While browsing a SharePoint instance recently, I came across an interesting URL. The page itself displayed a web form that submitted data to SharePoint. Intrigued by the .xsn extension, I downloaded the file and started investigating what turned out to be Microsoft InfoPath’s template format. Along the way, I discovered parts of the specification that enabled loading remote payloads, bypassing warning dialogs, and other interesting behaviour.
DOM-based Cross-site scripting (XSS) vulnerabilities rank as one of my favourite vulnerabilities to exploit. It’s a bit like solving a puzzle; sometimes you get a corner piece like $.html(), other times you have to rely on trial-and-error. I recently encountered two interesting postMessage DOM XSS vulnerabilities in bug bounty programs that scratched my puzzle-solving itch.
Wishing you and your loved ones a very happy new year!
From 29 October to 14 November 2021, the Centre for Strategic Infocomm Technologies (CSIT) ran The InfoSecurity Challenge (TISC), an individual competition consisting of 10 levels that tested participants’ cybersecurity and programming skills. I took away important lessons for both CTFs and day-to-day red teaming that I hope others will find useful as well. What distinguished TISC from typical CTFs was its dual emphasis on hacking AND programming - rather than exploiting a single vulnerability, I often needed to automate exploits thousands of times. You’ll see what I mean soon.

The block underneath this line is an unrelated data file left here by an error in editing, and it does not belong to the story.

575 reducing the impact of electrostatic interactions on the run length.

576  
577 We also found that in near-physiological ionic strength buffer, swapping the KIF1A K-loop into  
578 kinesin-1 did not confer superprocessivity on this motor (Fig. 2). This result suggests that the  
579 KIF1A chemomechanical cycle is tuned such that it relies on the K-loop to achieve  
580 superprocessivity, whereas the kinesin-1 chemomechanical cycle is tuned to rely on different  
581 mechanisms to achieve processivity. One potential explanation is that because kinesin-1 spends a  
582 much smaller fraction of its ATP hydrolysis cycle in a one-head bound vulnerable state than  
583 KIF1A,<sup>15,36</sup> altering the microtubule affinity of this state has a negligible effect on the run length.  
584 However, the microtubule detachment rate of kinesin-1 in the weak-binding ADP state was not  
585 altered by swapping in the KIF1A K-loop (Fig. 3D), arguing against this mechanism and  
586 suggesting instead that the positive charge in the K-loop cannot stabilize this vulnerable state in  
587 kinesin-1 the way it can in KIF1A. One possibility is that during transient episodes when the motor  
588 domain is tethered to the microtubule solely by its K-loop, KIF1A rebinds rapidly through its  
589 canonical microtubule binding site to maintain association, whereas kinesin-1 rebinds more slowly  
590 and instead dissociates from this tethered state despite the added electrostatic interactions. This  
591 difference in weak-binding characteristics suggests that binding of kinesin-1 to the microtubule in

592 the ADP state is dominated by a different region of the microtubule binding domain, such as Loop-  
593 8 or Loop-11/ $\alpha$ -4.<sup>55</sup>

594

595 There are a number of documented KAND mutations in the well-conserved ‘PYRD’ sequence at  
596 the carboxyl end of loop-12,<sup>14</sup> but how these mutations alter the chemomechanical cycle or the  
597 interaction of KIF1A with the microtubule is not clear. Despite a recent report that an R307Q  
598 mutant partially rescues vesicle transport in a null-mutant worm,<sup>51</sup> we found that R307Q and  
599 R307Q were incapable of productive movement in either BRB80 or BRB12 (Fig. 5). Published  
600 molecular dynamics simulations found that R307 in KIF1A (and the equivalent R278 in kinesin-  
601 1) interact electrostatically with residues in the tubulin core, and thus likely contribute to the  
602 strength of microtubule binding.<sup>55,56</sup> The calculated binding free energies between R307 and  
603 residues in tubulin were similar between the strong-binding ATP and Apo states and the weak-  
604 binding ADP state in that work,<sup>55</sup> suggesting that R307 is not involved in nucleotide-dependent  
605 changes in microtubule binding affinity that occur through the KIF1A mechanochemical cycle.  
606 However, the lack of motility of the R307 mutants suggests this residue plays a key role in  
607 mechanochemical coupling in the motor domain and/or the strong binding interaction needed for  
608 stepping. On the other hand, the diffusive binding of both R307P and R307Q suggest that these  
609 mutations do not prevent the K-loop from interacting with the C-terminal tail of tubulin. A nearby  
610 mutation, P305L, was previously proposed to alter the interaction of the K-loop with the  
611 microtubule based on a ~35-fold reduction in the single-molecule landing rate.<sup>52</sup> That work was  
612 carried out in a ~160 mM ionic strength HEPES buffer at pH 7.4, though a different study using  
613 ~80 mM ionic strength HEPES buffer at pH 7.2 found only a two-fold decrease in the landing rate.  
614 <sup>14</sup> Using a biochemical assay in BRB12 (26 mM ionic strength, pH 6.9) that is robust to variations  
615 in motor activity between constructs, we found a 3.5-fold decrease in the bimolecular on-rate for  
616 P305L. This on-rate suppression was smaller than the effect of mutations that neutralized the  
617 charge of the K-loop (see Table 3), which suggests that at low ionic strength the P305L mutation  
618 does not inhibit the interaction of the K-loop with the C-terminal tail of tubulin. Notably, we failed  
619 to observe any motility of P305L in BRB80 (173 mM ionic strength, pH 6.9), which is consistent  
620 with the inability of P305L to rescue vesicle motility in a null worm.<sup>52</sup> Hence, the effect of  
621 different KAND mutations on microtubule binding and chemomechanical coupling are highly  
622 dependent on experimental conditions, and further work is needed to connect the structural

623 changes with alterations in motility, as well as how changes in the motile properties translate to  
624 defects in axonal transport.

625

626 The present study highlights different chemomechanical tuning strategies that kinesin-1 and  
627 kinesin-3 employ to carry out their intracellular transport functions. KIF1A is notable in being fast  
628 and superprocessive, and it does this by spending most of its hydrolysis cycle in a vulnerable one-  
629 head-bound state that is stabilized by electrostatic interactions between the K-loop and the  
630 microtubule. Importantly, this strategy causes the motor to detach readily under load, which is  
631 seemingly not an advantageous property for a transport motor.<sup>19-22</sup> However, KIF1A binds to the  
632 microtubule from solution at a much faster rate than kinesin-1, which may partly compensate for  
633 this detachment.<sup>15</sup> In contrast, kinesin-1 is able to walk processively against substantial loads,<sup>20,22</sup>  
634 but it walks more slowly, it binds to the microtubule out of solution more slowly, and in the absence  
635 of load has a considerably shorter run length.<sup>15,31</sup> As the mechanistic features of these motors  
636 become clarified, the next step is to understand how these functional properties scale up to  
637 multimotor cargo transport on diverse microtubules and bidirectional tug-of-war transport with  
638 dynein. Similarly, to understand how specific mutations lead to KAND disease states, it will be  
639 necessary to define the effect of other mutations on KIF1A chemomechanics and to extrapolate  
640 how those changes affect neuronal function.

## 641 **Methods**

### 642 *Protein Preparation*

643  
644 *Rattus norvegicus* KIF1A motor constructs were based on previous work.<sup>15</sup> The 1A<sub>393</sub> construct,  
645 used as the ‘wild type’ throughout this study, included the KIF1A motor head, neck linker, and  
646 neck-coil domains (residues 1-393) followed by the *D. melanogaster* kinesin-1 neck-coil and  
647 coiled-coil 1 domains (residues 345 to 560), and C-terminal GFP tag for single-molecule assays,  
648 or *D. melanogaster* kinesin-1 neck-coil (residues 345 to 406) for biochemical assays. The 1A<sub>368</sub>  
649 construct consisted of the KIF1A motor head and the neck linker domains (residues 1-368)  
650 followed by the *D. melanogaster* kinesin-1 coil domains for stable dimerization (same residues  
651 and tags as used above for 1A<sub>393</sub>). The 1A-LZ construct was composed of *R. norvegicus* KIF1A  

By searching for DBF-related vulnerabilities in Microsoft’s desktop database engines, I took one step towards the deep end of the fuzzing pool. I could no longer rely on source code review and dumb fuzzing; this time, I applied black-box coverage-based fuzzing with a dash of reverse engineering. My colleague Hui Yi has written several fantastic articles on fuzzing with WinAFL and DynamoRIO; I hope this article provides a practical application of those techniques to real vulnerabilities.